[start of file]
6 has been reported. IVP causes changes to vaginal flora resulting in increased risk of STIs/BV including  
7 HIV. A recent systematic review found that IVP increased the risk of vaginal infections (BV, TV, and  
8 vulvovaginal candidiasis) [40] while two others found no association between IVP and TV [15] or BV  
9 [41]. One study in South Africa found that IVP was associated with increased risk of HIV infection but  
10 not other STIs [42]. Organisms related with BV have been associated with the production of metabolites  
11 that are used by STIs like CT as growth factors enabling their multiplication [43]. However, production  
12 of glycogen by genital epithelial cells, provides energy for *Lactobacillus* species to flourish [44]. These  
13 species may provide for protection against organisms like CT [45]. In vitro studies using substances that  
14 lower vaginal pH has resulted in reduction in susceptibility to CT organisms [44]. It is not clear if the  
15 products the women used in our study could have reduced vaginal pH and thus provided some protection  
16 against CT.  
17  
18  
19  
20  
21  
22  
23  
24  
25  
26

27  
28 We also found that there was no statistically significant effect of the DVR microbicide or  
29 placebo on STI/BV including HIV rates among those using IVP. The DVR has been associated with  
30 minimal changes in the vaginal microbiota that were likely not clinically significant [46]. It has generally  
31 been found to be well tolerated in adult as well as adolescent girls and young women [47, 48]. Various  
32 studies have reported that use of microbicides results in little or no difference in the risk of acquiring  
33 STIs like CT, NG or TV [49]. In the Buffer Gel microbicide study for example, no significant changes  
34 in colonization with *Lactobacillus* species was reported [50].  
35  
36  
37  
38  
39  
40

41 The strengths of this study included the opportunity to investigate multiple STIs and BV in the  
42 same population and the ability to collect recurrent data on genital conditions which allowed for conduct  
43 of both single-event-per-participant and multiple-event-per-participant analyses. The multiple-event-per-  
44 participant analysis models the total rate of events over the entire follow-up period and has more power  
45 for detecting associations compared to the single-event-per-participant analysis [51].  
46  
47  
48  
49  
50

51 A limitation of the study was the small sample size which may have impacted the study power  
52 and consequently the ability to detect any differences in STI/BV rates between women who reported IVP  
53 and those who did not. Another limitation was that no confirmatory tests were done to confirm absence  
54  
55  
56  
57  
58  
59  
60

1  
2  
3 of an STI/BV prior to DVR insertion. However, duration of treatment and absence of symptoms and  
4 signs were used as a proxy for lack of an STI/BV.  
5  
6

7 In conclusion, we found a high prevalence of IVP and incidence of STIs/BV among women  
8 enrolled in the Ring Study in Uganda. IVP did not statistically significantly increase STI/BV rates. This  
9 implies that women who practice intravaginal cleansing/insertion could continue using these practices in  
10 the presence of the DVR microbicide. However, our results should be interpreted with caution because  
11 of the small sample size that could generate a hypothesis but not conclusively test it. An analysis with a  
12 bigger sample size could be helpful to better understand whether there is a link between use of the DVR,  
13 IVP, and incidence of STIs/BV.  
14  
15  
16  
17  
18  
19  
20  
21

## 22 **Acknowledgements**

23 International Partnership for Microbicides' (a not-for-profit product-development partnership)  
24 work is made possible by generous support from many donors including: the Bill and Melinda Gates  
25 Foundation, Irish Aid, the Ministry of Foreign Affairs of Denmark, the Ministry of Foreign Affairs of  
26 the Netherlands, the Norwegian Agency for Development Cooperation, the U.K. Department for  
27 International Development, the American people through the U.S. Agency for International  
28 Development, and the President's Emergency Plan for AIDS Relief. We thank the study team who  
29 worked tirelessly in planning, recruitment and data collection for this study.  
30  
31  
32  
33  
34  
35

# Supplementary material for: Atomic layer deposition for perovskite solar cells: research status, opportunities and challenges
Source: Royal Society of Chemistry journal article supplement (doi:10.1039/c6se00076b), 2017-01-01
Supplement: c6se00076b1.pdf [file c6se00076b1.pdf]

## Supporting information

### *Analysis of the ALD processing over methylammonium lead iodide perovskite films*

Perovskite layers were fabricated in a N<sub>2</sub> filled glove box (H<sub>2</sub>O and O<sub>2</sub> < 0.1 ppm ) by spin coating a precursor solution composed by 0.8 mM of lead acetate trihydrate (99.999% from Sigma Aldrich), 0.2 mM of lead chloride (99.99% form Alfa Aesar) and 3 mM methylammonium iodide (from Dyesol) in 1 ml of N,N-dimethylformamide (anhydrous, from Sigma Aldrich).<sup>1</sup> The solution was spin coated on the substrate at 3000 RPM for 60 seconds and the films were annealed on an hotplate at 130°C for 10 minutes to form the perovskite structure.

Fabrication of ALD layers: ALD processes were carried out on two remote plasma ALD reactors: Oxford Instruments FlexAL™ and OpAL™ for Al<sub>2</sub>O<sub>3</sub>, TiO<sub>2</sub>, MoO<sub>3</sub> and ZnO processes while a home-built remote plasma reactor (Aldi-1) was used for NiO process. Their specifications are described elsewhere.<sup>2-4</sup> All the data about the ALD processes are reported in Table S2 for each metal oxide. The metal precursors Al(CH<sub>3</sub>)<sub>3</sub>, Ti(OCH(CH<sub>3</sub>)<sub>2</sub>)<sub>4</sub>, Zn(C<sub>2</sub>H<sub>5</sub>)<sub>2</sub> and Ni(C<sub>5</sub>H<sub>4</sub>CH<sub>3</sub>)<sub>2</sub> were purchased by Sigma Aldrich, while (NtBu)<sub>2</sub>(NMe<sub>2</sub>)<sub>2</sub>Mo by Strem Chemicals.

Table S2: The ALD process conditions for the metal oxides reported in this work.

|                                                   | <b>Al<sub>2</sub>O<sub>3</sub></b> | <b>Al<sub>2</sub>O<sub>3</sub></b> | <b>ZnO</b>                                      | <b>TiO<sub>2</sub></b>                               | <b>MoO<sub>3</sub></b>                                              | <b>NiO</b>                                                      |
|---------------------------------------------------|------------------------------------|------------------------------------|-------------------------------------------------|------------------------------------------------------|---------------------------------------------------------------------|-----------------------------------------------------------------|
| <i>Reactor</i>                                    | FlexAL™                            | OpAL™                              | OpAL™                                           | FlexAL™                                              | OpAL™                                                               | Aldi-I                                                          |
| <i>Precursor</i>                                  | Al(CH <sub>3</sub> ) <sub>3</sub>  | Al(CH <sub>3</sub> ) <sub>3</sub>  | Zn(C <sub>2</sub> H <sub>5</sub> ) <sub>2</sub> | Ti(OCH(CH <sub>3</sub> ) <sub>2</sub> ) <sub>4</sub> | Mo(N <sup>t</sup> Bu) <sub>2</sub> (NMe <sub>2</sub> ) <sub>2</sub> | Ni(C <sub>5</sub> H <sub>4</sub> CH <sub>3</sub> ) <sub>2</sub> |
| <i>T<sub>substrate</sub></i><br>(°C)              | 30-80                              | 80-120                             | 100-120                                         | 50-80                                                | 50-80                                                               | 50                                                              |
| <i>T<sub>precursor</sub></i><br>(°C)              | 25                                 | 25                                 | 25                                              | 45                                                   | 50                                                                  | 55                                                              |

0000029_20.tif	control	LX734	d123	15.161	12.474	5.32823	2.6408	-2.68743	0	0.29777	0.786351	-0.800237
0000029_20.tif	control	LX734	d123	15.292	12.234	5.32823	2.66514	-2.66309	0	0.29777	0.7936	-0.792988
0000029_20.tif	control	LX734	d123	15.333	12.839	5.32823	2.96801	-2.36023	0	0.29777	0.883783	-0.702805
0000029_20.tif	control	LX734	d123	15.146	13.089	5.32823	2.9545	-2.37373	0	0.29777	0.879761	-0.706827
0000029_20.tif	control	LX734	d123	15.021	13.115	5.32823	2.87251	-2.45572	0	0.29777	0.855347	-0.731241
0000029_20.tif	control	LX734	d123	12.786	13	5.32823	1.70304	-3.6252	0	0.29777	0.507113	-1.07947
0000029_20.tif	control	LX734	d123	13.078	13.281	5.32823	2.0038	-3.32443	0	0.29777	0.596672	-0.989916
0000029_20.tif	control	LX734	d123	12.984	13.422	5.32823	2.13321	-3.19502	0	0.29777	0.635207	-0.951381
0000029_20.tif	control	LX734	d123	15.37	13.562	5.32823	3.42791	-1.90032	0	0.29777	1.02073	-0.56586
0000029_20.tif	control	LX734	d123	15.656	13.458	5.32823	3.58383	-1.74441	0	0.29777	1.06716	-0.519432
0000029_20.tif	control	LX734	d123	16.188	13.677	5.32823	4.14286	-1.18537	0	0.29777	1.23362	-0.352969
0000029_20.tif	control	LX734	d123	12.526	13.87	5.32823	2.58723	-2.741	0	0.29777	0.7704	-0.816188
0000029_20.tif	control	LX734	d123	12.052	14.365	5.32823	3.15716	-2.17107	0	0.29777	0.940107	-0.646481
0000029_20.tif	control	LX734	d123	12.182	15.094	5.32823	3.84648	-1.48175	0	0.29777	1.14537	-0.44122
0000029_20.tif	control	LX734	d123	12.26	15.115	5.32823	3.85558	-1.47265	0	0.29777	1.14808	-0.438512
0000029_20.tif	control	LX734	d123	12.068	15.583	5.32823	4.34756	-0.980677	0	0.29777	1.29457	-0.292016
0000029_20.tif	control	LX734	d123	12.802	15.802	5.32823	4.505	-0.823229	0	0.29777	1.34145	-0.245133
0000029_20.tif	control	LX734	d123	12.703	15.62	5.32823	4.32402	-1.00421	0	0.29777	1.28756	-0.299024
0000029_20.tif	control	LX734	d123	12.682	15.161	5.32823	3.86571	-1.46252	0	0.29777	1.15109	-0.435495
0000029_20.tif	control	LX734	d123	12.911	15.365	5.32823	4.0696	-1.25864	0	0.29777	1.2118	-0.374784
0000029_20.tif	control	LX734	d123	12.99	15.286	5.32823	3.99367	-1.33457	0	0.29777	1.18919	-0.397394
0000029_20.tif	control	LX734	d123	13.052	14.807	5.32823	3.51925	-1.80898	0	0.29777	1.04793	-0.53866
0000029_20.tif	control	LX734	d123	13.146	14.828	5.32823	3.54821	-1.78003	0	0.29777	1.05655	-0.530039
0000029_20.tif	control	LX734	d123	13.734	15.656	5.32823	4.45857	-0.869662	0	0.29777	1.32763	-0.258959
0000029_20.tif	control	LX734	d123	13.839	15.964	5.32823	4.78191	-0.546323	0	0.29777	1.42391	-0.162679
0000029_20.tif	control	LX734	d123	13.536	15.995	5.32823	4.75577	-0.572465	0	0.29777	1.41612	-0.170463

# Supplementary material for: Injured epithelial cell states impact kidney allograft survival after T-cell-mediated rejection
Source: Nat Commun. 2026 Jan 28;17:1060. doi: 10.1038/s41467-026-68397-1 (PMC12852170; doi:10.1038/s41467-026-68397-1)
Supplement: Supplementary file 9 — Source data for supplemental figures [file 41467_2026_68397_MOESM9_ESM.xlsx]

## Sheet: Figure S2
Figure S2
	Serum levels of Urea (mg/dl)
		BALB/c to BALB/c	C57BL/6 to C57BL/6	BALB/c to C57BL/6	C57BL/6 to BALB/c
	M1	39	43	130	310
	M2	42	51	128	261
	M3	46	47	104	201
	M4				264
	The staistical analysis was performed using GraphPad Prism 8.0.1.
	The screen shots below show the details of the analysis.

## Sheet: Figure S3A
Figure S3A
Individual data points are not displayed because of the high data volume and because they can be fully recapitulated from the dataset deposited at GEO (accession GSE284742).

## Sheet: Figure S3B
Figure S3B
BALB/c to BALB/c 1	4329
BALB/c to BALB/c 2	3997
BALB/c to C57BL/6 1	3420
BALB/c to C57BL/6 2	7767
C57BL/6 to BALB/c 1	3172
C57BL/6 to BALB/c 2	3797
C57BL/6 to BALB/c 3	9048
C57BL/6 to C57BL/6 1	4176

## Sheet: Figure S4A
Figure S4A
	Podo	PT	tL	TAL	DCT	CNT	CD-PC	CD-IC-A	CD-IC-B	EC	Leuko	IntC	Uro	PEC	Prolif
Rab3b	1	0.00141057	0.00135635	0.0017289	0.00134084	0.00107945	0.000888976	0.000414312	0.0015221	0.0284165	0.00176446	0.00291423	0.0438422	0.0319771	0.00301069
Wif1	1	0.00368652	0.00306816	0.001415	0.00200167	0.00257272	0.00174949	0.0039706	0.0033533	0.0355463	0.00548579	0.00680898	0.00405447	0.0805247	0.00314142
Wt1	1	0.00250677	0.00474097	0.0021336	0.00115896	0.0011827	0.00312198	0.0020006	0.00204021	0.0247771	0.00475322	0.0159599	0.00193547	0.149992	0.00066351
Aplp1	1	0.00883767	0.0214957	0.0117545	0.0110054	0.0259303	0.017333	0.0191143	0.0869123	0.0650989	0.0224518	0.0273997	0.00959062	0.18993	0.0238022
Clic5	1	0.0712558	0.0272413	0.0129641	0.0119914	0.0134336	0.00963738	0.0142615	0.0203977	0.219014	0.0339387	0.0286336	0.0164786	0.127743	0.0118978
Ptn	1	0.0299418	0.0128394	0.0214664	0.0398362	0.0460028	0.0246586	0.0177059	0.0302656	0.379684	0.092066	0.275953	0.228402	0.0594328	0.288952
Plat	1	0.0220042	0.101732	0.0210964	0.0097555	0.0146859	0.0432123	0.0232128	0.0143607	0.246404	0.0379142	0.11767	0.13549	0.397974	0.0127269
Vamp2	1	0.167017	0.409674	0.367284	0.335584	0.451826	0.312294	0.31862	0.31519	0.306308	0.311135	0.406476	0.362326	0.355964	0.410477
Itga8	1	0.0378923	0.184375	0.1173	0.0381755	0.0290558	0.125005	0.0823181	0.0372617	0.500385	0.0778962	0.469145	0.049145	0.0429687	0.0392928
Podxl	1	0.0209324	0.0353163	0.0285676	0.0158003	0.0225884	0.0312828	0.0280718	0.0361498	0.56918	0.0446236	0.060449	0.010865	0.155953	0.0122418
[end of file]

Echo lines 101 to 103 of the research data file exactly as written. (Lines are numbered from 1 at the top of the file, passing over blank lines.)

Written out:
| <i>Reactor</i>                                    | FlexAL™                            | OpAL™                              | OpAL™                                           | FlexAL™                                              | OpAL™                                                               | Aldi-I                                                          |
| <i>Precursor</i>                                  | Al(CH <sub>3</sub> ) <sub>3</sub>  | Al(CH <sub>3</sub> ) <sub>3</sub>  | Zn(C <sub>2</sub> H <sub>5</sub> ) <sub>2</sub> | Ti(OCH(CH <sub>3</sub> ) <sub>2</sub> ) <sub>4</sub> | Mo(N <sup>t</sup> Bu) <sub>2</sub> (NMe <sub>2</sub> ) <sub>2</sub> | Ni(C <sub>5</sub> H <sub>4</sub> CH <sub>3</sub> ) <sub>2</sub> |
| <i>T<sub>substrate</sub></i><br>(°C)              | 30-80                              | 80-120                             | 100-120                                         | 50-80                                                | 50-80                                                               | 50                                                              |